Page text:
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Empedocles


“Empedocles:—Son of Meton, or according to some authorities Archinomus, or as others say, Exaenetus. He was at first a pupil of Parmenides, of whom, if we may believe Porphyrius' History of the Philosphers , he was the bosom-friend. Some writers make him a pupil of Telauges the son of Pythagoras. He was of Acragas, a physical philosopher and epic poet; he flourished in the 79th Olympiad (464-1 B.C.).. He visited the cities of Greece with a gold wreath on his head, bronze Amyclean shoes on his feet, and Delphic garlands in his hands, with the intention of establishing himself in the public mind as a God. When he became old he threw himself by night into a crater, so that his body should never be found, and thus perished, his sandal being cast up by the fire.1 A pupil of his was Gorgias the orator of leontini. He wrote two Books in epic verse On the Nature of Things —these amount to upwards of 2,000 lines2 —a prosework called Medicine, and many others.” Suidas Lexicon “The Purifications of Empedocles were recited at Olympia by the rhapsode Cleomenes, according to Dicaearchus in his Olympic Oration. : .. And such as hold that all things come of four— Of fire, earth, air, and water; now of these Chief is Empedocles of Agrigent, Son of the isle of shores triangular. Which great and anywise marvellous tho' it be, Worthy the traveller's eye, rich in good things, And furnished with a host of dwellers, yet Methinks it ne'er had aught more glorious, More holy, or more wondrous, or more dear, Than him; nay, his divine heart's song So loud and clear is, telling to the world His glorious discoveries, that searce He seems to be of human lineage. Lucretius On the Nature of ThingsSuidas Lexicon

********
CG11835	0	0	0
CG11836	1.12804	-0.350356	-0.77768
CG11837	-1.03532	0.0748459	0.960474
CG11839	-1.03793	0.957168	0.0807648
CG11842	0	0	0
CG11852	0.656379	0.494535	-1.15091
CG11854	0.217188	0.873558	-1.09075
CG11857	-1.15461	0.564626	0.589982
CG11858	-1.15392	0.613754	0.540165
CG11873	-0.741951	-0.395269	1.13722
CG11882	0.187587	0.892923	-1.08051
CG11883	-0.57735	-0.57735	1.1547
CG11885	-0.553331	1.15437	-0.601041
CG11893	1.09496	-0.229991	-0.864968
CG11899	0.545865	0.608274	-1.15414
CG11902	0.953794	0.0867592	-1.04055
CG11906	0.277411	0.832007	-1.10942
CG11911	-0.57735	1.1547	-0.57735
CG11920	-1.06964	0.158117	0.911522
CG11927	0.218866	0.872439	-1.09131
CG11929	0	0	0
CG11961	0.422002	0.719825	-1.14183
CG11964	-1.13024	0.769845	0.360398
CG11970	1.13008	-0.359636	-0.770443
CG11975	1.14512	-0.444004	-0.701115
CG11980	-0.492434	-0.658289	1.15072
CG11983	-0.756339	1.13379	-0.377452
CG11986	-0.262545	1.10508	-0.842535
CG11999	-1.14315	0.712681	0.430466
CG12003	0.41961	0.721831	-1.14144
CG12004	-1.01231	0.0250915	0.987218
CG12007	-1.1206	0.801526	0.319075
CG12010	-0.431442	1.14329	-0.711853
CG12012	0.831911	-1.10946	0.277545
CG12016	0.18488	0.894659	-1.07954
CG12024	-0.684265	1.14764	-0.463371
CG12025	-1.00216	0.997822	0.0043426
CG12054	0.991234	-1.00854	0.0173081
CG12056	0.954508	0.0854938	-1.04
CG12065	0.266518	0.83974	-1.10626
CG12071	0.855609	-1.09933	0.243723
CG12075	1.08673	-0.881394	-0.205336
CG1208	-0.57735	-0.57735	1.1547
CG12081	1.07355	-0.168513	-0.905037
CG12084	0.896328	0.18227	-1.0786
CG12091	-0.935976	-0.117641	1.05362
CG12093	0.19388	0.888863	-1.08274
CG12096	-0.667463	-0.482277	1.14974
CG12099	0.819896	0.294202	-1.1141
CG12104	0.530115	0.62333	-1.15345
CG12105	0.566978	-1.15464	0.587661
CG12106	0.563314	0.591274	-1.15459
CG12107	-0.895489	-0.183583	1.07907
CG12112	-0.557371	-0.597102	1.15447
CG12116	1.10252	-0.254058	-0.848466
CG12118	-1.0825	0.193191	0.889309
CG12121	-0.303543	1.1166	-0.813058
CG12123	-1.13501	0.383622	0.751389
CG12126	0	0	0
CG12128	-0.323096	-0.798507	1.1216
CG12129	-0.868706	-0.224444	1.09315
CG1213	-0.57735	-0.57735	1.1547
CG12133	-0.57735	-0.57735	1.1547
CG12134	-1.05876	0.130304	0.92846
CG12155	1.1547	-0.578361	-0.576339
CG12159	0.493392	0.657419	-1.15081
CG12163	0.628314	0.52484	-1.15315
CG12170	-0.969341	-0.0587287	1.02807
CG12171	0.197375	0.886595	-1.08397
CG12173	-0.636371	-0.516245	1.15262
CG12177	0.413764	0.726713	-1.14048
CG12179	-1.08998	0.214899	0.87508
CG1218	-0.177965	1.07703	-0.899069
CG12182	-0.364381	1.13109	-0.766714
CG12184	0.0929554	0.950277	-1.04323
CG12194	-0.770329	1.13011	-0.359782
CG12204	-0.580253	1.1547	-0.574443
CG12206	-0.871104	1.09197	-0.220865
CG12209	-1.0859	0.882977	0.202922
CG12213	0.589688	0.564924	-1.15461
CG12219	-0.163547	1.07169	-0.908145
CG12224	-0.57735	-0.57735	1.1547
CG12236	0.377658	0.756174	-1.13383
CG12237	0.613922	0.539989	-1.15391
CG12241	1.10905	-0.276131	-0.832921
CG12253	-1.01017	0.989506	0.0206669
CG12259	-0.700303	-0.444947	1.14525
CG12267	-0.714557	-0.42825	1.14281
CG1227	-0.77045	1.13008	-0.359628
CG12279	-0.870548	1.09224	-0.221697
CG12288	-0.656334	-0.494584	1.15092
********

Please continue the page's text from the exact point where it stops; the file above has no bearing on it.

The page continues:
Inscriptions


“When the physician Acron asked the council for a site for a monument to his father, who had reached the top of the same profession, Empedocles came forward and defeated the proposal by a speech in which he dilated upon equality, his chief argument being to ask ‘What inscription shall we put upon it? Shall it be this?

Acron son of Acros, Acragas the eminent physician, lies beneath the most eminent heidht of his most eminent birthplace.’3

CURFRAG.tlg-1342.1
Other writers give as the second line:

is laid in a tomb eminent upon an eminence.

CURFRAG.tlg-1342.2
Some authorities ascribe the couplet to Simonides.

Diogenes Laertius Lives of the Philosophers [Empedocles]

“Pausanias, according to Aristippus and Satyrus, was Empedocles' bosom-friend, and indeed it was he to whom he addressed his poem On Nature in the words: [fr. 1 Diels]. Moreover he wrote and epigram on him:

With good name was this Asclepiad physician Pausanias, son of Anchites, bred in his birthplace Gela; for many a wight that wasted in dire woes he turned back on his way to the chamber of Persephone.4

CURFRAG.tlg-1342.3
Diogenes Laertius Lives of the Philosophers [Empedocles]

1 this famous story is prob. untrue; the accounts of his death vary (see Diog. L. 8. 67 ff.)

2 The many extant citations from this work and from the other ‘epic’ writings of E. will be found in Diels Vorsokratiker i.p. 223 ff.

3 every word of the Gk. contains kr or tr , and akr occurs in six words out of the eleven ( e.g. ‘Here is Dick Crick laid,| Son of Rick Crick of Cricklade, | A tip-top physician | In a tip-top position'); the father's real name was Xenon (Suid. Ἀ´κρων ): cf. Suid. Ἀ´κρων , Tz. Sch. in Hermog. Cram. A.O. 4. 119. 13, Hesych, Mil. 21, Rh. Gr. 3. 641 W, Eust. 1634. 12

4 Pausanias is here derived from παύω ‘to make to cease’ and ἀνία ‘pain’: cf. A.P. 7. 508 ( Σιμωνίδου

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